Jaclyn (jaclynemily) wrote in vegancooking,
Jaclyn
jaclynemily
vegancooking

Kasha varnishkes

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For the kasha varnishkes, I used mainly the following recipe, from here. My kasha was already toasted, so I skipped that step. I added a little bit of cumin to the stir fry, which another recipe suggested. I topped the dish with fresh parsley. Instead of water or vegetable broth, I used vegetable bouillon mixed in water. Also, my kasha took a long time to get tender. Maybe next time I would soak it first although I've never heard that it's necessary to soak it.

Ingredients (use vegan versions):

1 cup dry whole buckwheat groats (kasha)
2 cups water or vegetable broth
2 tablespoon vegetable oil, preferably olive oil
1 medium onion
4.5 oz jar or 5 oz fresh mushrooms
half small head of cabbage, shredded
2 tablespoon soy sauce
2 tablespoon balsamic vinegar
1 cup uncooked eggless bowtie pasta (farfalle)

Directions:

Heat large dry skillet until hot. Begin to boil water or broth in saucepan. Rinse kasha in fine mesh strainer. Dump wet kasha onto preheated skillet. (It should hiss!) Toast kasha, stirring until dry. Slowly pour toasted kasha into boiling water. Immediately turn down heat and simmer kasha uncovered until liquid is absorbed. Remove from heat and let dry somewhat. While kasha is simmering, place oil into now empty skillet and heat. Place onions, mushrooms, and cabbage into preheated oil. Stir fry until done to your liking, adding soy sauce and balsamic vinegar along the way. Prepare pasta according to package directions. Pour kasha into skillet and stir with vegetables. Add pasta and mix in. Serve while hot. This is an Eastern European/Jewish dish traditionally prepared with eggs, which I have omitted.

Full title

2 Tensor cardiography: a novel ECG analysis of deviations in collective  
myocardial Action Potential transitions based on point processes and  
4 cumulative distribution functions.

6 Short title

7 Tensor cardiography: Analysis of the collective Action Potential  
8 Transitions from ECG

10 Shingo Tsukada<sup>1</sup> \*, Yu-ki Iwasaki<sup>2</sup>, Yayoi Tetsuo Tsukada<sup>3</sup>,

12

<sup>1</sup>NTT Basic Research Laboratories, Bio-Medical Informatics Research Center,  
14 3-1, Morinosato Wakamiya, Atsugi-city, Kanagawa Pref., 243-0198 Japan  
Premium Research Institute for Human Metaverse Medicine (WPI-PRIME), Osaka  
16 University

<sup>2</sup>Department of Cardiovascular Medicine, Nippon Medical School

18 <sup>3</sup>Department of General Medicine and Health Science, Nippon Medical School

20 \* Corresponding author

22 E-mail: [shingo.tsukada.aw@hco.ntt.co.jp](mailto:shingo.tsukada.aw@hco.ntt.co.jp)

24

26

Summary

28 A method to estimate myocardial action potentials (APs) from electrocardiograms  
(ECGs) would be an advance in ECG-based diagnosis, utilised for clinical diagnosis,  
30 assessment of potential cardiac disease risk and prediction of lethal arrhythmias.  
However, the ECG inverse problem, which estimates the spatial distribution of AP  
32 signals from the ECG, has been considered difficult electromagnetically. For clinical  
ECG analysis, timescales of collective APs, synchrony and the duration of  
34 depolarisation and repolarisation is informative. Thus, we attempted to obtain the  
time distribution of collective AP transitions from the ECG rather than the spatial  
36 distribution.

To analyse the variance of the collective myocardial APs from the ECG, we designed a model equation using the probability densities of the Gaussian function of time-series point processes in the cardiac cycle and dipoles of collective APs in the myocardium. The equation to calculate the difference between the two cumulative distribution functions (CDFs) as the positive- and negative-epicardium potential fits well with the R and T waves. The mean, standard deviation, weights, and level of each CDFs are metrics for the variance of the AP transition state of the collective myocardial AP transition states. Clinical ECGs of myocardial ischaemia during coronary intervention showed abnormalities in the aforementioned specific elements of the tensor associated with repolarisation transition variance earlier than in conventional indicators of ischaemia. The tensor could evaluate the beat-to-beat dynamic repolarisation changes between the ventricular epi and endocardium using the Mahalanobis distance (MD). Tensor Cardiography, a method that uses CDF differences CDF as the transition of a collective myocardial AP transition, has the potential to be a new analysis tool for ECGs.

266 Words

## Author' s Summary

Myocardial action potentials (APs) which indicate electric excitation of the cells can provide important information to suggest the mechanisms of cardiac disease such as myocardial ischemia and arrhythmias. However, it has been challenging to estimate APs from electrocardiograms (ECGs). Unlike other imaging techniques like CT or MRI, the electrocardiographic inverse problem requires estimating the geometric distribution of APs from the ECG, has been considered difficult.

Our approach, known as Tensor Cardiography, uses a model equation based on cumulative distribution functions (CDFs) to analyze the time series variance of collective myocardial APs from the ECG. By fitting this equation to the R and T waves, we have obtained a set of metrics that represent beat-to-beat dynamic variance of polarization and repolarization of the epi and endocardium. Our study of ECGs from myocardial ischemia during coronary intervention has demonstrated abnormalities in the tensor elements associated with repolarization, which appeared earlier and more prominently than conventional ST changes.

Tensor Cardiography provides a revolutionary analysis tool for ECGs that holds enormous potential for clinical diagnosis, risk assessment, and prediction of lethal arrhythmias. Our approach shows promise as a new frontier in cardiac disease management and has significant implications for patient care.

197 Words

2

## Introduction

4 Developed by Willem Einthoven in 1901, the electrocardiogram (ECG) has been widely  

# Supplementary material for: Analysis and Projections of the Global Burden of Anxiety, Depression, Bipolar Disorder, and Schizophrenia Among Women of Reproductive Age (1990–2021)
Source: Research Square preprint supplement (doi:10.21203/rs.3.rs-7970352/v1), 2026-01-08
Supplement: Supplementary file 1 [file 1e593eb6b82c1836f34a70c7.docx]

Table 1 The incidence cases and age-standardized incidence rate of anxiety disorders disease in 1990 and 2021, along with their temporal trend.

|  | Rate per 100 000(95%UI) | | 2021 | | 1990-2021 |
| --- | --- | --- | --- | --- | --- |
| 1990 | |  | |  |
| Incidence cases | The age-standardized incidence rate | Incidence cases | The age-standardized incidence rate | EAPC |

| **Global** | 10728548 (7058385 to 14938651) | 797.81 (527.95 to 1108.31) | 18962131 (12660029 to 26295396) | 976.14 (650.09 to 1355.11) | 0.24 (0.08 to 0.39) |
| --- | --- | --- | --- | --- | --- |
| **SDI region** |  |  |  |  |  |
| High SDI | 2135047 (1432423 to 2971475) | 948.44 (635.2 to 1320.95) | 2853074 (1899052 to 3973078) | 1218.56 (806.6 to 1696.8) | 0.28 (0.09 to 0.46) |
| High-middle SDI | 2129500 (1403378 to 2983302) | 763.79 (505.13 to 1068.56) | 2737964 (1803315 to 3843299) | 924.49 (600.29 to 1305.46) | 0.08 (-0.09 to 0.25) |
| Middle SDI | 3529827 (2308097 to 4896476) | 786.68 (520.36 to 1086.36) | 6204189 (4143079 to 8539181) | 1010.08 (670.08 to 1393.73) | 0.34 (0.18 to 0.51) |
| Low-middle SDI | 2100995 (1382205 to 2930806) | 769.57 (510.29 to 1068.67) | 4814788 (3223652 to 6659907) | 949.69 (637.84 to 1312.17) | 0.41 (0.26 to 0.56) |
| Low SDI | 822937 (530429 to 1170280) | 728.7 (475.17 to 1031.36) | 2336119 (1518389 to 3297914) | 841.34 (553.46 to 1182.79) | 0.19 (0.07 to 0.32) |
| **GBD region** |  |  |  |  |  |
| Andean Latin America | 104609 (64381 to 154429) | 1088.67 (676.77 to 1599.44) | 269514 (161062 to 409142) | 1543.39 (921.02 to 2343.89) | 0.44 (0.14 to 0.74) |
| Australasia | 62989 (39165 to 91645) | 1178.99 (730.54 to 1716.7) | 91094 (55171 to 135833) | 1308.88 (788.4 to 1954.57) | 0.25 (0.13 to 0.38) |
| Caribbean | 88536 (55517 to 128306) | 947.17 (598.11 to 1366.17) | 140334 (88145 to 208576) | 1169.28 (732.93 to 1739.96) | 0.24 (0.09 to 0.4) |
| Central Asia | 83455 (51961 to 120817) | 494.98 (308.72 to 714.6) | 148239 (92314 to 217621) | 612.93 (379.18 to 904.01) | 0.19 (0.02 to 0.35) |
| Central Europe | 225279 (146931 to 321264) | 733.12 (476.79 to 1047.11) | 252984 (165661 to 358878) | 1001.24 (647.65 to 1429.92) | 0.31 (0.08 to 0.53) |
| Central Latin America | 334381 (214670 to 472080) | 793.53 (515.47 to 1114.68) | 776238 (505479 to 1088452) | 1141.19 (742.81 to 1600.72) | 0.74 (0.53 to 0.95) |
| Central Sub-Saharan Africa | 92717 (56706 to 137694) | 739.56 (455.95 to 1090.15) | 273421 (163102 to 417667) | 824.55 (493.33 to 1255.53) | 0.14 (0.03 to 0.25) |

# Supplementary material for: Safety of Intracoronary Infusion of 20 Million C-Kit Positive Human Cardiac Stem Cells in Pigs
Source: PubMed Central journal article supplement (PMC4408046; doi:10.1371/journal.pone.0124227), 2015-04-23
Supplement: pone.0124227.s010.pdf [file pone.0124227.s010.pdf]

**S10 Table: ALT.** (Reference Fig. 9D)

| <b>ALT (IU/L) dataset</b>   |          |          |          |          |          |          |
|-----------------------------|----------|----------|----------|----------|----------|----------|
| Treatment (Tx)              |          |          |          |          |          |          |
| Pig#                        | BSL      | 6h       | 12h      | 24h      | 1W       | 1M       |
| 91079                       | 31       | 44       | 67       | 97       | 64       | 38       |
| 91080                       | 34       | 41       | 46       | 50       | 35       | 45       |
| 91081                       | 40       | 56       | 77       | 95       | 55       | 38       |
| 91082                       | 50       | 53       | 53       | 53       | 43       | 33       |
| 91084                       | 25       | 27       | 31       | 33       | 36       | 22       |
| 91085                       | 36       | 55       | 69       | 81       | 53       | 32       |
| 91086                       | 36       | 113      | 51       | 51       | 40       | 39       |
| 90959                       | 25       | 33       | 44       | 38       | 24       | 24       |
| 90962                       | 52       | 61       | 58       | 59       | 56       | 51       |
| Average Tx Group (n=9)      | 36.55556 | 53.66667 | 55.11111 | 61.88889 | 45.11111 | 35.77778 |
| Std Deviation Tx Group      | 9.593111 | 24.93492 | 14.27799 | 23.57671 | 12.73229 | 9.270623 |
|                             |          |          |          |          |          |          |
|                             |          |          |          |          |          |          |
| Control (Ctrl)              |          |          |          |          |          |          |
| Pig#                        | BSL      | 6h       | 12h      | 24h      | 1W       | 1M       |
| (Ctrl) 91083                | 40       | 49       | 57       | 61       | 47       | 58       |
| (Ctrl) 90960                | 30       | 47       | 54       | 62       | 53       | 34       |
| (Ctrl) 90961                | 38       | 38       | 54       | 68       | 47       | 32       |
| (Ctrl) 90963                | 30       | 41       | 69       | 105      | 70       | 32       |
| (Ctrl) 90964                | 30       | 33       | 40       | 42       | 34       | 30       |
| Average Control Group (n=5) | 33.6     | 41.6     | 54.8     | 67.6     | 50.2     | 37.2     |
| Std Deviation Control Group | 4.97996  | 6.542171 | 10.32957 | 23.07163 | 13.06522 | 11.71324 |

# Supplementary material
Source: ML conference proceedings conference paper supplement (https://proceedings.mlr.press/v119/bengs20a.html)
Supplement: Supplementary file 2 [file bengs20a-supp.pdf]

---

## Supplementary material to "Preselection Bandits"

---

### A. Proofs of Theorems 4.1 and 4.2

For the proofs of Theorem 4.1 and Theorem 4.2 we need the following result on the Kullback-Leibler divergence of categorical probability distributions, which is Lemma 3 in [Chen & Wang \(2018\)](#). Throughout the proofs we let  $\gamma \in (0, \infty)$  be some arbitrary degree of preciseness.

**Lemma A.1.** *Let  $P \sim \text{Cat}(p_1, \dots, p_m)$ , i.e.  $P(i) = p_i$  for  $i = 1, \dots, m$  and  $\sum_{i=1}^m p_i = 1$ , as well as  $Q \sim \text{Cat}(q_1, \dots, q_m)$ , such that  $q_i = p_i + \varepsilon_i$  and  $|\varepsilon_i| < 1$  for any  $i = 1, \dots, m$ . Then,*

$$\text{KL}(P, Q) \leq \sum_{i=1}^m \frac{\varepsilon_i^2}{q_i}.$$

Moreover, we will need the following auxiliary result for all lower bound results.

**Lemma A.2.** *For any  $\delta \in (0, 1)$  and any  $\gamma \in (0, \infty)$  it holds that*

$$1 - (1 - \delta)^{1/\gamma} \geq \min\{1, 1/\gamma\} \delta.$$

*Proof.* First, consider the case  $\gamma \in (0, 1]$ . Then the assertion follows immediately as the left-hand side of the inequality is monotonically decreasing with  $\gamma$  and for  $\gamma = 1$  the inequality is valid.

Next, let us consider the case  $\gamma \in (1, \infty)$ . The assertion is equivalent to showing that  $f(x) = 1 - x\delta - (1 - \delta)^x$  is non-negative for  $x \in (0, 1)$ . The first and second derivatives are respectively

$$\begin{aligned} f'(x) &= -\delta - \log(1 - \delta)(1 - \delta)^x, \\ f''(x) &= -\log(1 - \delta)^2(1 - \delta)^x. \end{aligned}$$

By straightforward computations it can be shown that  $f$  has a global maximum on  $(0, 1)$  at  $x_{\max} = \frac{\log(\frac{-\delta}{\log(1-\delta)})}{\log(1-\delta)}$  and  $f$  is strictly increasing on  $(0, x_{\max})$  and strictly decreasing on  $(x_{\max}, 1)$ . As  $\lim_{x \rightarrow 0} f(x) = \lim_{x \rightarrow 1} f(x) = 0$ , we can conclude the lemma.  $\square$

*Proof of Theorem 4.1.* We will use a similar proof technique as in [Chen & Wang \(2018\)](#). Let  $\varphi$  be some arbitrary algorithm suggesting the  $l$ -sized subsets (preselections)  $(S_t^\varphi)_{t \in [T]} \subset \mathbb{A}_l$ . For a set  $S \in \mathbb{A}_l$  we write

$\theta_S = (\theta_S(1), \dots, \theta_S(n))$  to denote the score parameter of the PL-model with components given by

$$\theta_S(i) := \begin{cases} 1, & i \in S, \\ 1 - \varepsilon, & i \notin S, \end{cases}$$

Serves: 4

Preparation time: 45 minutes

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Also, I recently posted a recipe and pictures for vegan challah here. Some people commented that they didn't like bananas. This time I used applesauce for one of the loaves. It was just as delicious, but less sweet. If you'd prefer it sweeter, maybe add some more sugar to the applesauce before you mix the ingredients. The loaf also seemed to take longer to cook, but I don't know if that's because of the applesauce. As you can see, this time I made six-strand challah. Just make six strands instead of three, and follow this pattern: 6->1,2->6,1->3,5->1,6->4,2->6,1->3. In other words, if the strand positions from left to right are 1, 2, 3, 4, 5, 6, then you start by moving the piece in the sixth position to the first position, and so on. Here's a video that demonstrates it.

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Tags: ethnic food-jewish, grains-buckwheat/kasha
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